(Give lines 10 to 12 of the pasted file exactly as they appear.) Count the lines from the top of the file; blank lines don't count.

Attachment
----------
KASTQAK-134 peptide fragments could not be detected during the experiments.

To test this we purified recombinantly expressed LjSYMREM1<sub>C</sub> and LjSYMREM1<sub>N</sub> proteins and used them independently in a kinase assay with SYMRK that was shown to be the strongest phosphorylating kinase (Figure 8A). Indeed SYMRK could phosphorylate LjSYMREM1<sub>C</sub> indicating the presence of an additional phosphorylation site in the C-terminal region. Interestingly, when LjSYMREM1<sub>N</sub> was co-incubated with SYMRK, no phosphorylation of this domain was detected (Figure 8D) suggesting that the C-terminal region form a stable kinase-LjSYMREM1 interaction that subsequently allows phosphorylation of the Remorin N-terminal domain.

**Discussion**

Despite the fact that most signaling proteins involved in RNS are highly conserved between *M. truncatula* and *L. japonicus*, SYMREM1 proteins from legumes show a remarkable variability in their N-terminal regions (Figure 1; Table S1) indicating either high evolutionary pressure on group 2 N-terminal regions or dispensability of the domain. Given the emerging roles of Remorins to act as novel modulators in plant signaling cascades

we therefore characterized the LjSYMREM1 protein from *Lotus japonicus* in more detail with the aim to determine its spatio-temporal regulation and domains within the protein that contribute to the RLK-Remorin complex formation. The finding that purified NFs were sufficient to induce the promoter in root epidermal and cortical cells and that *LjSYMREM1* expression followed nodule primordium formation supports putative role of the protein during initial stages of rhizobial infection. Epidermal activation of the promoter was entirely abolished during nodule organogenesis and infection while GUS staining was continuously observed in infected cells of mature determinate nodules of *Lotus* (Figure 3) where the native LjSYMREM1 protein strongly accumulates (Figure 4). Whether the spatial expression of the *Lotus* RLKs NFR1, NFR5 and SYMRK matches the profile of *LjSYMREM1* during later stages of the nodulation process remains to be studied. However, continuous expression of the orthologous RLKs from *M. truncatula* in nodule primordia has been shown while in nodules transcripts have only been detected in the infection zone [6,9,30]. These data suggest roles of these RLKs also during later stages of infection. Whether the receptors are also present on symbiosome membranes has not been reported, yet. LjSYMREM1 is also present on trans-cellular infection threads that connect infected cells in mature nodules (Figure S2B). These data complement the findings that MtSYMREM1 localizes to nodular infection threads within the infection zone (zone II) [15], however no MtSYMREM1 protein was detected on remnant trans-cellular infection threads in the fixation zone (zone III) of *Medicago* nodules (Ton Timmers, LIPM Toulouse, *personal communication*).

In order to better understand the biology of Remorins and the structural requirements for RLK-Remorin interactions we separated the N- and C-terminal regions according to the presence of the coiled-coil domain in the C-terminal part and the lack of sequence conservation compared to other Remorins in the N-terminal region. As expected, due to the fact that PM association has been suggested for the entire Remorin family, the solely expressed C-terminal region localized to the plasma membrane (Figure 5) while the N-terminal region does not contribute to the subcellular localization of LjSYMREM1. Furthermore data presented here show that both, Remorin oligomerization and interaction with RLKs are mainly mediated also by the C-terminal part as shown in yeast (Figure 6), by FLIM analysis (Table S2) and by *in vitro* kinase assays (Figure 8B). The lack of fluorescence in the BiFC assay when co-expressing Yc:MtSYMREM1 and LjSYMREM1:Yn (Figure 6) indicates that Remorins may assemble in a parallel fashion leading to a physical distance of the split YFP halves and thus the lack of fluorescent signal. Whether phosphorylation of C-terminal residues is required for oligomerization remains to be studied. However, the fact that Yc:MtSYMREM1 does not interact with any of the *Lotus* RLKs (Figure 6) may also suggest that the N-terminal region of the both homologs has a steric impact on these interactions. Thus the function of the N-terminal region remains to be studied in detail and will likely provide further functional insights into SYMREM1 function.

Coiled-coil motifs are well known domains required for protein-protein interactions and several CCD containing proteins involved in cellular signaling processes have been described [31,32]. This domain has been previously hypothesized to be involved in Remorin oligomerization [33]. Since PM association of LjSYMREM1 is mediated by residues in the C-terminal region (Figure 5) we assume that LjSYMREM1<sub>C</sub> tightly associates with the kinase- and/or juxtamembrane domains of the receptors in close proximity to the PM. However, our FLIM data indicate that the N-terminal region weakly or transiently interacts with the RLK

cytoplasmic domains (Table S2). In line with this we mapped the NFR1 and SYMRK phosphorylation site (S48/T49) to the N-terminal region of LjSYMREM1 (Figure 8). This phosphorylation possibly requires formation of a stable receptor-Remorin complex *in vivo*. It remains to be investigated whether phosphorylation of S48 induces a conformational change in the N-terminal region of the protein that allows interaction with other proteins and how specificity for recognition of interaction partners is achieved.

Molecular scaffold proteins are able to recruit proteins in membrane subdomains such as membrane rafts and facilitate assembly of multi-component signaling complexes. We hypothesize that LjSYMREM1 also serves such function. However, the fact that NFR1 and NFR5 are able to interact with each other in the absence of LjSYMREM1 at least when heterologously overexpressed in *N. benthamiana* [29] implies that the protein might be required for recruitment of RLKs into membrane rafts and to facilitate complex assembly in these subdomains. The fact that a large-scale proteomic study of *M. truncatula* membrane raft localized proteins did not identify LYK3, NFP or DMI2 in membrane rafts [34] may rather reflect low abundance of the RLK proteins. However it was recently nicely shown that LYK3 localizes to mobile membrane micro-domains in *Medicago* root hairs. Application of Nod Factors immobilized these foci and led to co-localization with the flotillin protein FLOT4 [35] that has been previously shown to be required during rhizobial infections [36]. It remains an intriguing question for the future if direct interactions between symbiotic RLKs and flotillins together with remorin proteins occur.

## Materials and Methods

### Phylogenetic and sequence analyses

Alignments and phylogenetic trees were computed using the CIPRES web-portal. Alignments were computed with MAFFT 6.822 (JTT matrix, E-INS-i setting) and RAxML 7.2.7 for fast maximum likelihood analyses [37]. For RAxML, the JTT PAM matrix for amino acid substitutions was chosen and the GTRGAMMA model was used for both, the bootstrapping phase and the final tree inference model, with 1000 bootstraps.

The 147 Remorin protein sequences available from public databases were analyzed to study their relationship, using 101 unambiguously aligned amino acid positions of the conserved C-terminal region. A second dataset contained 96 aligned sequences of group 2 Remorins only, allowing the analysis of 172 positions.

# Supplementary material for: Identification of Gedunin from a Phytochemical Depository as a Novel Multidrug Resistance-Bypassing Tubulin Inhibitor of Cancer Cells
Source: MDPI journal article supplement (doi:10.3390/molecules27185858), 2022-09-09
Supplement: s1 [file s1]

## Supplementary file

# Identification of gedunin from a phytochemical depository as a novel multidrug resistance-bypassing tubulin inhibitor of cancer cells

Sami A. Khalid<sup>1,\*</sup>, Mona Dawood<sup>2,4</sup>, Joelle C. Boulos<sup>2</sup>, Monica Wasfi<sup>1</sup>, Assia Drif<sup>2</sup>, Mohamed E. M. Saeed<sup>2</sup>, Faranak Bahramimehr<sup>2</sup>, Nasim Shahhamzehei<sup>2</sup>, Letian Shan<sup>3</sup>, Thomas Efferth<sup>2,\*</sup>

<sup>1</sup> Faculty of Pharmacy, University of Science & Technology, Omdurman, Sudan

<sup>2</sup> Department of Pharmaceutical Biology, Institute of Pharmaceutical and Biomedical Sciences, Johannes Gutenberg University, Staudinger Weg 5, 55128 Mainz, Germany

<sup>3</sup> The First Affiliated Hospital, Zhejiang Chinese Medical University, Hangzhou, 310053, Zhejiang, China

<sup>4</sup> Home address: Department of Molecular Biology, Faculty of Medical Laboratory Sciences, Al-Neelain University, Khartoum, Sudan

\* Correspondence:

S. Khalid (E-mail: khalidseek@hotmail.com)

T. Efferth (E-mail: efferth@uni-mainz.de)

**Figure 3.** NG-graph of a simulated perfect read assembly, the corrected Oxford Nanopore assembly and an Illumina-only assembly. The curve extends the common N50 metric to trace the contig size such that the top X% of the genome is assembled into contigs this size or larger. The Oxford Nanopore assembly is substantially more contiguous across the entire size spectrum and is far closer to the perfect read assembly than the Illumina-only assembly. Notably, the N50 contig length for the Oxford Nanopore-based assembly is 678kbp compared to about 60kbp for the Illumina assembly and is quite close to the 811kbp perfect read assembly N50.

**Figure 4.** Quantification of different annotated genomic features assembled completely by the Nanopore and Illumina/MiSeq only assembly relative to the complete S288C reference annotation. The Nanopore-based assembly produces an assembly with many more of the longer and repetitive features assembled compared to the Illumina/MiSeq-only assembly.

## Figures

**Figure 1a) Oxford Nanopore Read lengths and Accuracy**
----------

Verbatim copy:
## Materials and Methods

### Phylogenetic and sequence analyses

Alignments and phylogenetic trees were computed using the CIPRES web-portal. Alignments were computed with MAFFT 6.822 (JTT matrix, E-INS-i setting) and RAxML 7.2.7 for fast maximum likelihood analyses [37]. For RAxML, the JTT PAM matrix for amino acid substitutions was chosen and the GTRGAMMA model was used for both, the bootstrapping phase and the final tree inference model, with 1000 bootstraps.